Walking into UMOCA’s Exit Gallery, one wouldn’t realize they are entering a sort of uncanny valley. The lush green landscapes and flowery imagery draws you in, but upon closer inspection, you see scenes of burning forests, nuclear towers and animal skulls. This eerie imagery has been referred to as “environmental uncanny,” bringing the haunting pieces from these artists to life.
Uncanny Environmental Landscape by Pedersen
Artist Nick Pedersen’s “Slow Apocalypse” explores ideas of human-caused climate change through imagined, hyper-realistic digital landscapes. Each artwork examines the tension between the natural and human-made world, in densely packed scenes that blend the two together.
There is an almost sobering effect looking at these artworks. This deep melancholy cuts through even the most vibrant of colors and lushest greenery — sorrowful eyes stare out at you as you watch homes burn as trees are cut down.
Grounding the Cloud with Birrell
Issues surrounding climate change often feel far from home, removed from our day-to-day. Local artist Tiana Birrell identifies how climate change affects Utah with their latest project “the weight of a cloud.”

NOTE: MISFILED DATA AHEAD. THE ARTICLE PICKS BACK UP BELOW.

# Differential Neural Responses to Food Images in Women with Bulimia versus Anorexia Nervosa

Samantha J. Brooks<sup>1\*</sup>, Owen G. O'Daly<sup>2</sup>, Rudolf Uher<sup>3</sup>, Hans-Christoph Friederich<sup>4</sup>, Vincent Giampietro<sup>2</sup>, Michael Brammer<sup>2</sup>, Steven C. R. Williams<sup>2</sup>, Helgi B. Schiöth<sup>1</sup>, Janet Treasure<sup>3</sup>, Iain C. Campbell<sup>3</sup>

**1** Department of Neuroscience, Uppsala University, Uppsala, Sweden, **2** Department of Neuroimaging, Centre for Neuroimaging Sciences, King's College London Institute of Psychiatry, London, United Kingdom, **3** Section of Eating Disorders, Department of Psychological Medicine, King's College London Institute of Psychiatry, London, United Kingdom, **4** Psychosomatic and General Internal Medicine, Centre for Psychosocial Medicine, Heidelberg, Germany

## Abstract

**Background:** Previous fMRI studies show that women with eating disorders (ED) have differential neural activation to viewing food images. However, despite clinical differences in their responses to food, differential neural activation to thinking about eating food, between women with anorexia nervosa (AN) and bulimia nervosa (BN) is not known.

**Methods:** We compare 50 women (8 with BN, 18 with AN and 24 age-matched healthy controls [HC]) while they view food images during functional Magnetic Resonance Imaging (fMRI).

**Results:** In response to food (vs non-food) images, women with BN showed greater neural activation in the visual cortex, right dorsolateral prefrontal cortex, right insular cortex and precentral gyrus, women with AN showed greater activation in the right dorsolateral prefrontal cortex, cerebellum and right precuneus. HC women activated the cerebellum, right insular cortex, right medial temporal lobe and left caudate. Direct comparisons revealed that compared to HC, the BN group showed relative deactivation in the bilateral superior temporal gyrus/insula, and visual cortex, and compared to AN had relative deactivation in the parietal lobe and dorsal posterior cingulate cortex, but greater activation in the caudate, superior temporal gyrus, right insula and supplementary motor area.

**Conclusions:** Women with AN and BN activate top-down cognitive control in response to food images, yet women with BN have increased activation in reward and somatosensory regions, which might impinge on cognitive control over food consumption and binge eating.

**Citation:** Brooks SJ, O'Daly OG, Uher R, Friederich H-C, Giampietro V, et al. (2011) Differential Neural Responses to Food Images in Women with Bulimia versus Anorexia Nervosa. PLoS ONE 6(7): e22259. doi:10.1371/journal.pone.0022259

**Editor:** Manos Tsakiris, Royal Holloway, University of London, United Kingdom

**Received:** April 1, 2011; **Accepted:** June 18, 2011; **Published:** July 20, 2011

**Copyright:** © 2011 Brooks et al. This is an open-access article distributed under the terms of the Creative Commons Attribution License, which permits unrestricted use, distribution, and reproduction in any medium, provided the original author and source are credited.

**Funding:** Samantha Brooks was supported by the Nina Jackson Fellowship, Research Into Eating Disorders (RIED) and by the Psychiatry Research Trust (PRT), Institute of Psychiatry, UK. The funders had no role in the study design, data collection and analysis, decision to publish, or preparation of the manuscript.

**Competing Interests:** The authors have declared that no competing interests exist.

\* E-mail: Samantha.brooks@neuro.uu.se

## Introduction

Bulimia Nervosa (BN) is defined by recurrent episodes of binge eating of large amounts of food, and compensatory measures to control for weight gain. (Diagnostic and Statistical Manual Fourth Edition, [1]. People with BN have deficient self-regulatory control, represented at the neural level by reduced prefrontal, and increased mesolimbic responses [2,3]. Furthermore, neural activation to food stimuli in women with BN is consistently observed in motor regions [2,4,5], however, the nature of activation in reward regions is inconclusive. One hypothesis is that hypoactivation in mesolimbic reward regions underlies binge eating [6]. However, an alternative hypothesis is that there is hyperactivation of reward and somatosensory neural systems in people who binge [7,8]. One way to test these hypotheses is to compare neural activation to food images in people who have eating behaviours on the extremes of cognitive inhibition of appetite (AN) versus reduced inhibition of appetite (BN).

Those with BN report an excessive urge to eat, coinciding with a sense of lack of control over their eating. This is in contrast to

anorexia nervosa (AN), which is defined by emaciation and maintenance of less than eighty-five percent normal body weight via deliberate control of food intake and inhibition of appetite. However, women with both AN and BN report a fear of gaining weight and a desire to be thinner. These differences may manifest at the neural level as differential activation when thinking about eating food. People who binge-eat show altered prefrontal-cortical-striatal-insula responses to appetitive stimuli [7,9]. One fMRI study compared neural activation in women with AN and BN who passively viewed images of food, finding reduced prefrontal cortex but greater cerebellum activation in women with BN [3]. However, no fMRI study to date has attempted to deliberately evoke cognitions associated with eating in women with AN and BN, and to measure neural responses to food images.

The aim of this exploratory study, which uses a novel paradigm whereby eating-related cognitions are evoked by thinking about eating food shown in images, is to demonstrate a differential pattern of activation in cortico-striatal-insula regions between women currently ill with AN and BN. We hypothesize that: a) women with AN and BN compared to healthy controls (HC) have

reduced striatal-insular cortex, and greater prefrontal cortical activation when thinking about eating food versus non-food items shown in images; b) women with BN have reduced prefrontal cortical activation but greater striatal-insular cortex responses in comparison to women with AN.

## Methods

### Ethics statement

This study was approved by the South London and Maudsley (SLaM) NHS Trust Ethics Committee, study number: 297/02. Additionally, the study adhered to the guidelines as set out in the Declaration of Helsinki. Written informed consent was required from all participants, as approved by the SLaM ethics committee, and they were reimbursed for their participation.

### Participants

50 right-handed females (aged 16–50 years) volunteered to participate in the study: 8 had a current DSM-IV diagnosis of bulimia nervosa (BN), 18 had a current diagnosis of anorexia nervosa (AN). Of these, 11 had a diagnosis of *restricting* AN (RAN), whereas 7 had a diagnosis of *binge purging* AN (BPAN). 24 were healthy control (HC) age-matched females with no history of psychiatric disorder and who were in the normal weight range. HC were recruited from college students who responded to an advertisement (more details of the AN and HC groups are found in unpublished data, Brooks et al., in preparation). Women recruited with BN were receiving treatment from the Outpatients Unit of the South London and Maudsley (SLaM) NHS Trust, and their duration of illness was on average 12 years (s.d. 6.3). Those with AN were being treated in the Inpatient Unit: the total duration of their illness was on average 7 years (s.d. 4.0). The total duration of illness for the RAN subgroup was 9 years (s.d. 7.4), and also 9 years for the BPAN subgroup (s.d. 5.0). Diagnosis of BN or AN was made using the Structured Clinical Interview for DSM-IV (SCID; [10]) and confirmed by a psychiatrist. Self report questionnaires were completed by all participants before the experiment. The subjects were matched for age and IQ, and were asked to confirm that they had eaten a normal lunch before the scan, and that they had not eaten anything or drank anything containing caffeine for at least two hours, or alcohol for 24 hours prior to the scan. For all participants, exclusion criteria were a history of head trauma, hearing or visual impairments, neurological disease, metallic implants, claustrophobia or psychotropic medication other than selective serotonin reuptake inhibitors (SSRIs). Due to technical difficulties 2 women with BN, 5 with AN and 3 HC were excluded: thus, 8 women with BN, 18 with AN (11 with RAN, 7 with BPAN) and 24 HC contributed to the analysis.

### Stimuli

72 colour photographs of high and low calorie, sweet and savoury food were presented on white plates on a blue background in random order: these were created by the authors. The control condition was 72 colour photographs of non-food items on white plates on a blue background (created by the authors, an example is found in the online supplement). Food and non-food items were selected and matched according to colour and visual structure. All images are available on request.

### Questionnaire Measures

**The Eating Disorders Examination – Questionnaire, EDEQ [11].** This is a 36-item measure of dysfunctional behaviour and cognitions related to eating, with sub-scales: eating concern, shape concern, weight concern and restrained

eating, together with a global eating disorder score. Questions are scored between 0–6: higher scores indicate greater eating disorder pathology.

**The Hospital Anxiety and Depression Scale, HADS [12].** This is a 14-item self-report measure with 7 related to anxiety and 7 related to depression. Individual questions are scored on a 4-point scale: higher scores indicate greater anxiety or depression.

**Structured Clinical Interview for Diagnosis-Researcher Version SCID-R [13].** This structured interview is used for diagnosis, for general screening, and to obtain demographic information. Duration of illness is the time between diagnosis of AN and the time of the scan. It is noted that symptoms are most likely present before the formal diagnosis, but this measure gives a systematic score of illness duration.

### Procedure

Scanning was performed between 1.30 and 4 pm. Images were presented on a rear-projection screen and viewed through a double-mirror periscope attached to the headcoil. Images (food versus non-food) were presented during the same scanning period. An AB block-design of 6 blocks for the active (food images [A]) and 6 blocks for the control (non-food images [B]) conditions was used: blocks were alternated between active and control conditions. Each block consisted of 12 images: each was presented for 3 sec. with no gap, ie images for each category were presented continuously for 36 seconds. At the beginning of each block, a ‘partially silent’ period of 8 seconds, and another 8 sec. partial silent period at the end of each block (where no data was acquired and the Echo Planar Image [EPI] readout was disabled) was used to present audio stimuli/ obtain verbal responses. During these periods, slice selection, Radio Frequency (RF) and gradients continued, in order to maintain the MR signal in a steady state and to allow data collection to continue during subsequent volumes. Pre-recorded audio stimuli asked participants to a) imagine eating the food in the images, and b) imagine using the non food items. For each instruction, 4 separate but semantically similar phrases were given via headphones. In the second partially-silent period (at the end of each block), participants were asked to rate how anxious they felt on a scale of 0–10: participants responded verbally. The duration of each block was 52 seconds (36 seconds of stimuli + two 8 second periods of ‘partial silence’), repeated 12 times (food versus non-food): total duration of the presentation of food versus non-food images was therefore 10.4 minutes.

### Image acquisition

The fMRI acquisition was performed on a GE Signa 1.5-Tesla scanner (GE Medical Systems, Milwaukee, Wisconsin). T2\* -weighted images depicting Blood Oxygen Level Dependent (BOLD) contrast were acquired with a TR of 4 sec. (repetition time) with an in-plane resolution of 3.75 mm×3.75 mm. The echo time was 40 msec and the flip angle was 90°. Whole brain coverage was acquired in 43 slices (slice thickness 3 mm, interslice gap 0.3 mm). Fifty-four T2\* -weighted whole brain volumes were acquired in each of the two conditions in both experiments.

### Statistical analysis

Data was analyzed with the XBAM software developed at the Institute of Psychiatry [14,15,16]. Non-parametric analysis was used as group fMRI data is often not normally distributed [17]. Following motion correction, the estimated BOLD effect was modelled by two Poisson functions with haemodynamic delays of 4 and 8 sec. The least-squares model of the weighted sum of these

I am sure by now almost everyone has used the “cloud” before to store some part of their digital presence. Whether a Google Doc has autosaved your latest assignment, you’ve stored photos of a cool flower you saw outside or shot an email to a professor, we’ve all stored something in the digital cloud.
While the term cloud seems light, ephemeral and airy, Birrell draws our attention to the very real and physical nature of the “cloud” through this installation. The work shows stacks of data servers and miles of electrical wires that house the cloud, the things that tether it to the Earth despite what the name suggests.
In the Salt Lake Valley alone there are over 15 data centers, all requiring massive amounts of natural resources to operate. One center, where the NSA tethers their cloud, uses 1.7 million gallons of water daily to cool its servers. Birrell makes us question why these “water-sucking panopticon” make their homes in Utah — the second driest state — during one of the worst droughts it’s seen in decades.
Activating Space and the Viewer
I often find these kinds of exhibitions somber and they can leave me feeling defeated, but something about these installations at the UMOCA is different. There is something I cannot put into words just yet, something activating about the shows. The direct engagement between the exhibit and the viewer has an almost energizing quality, leaving us with the knowledge of the uncanny environment and how we can impact our landscapes.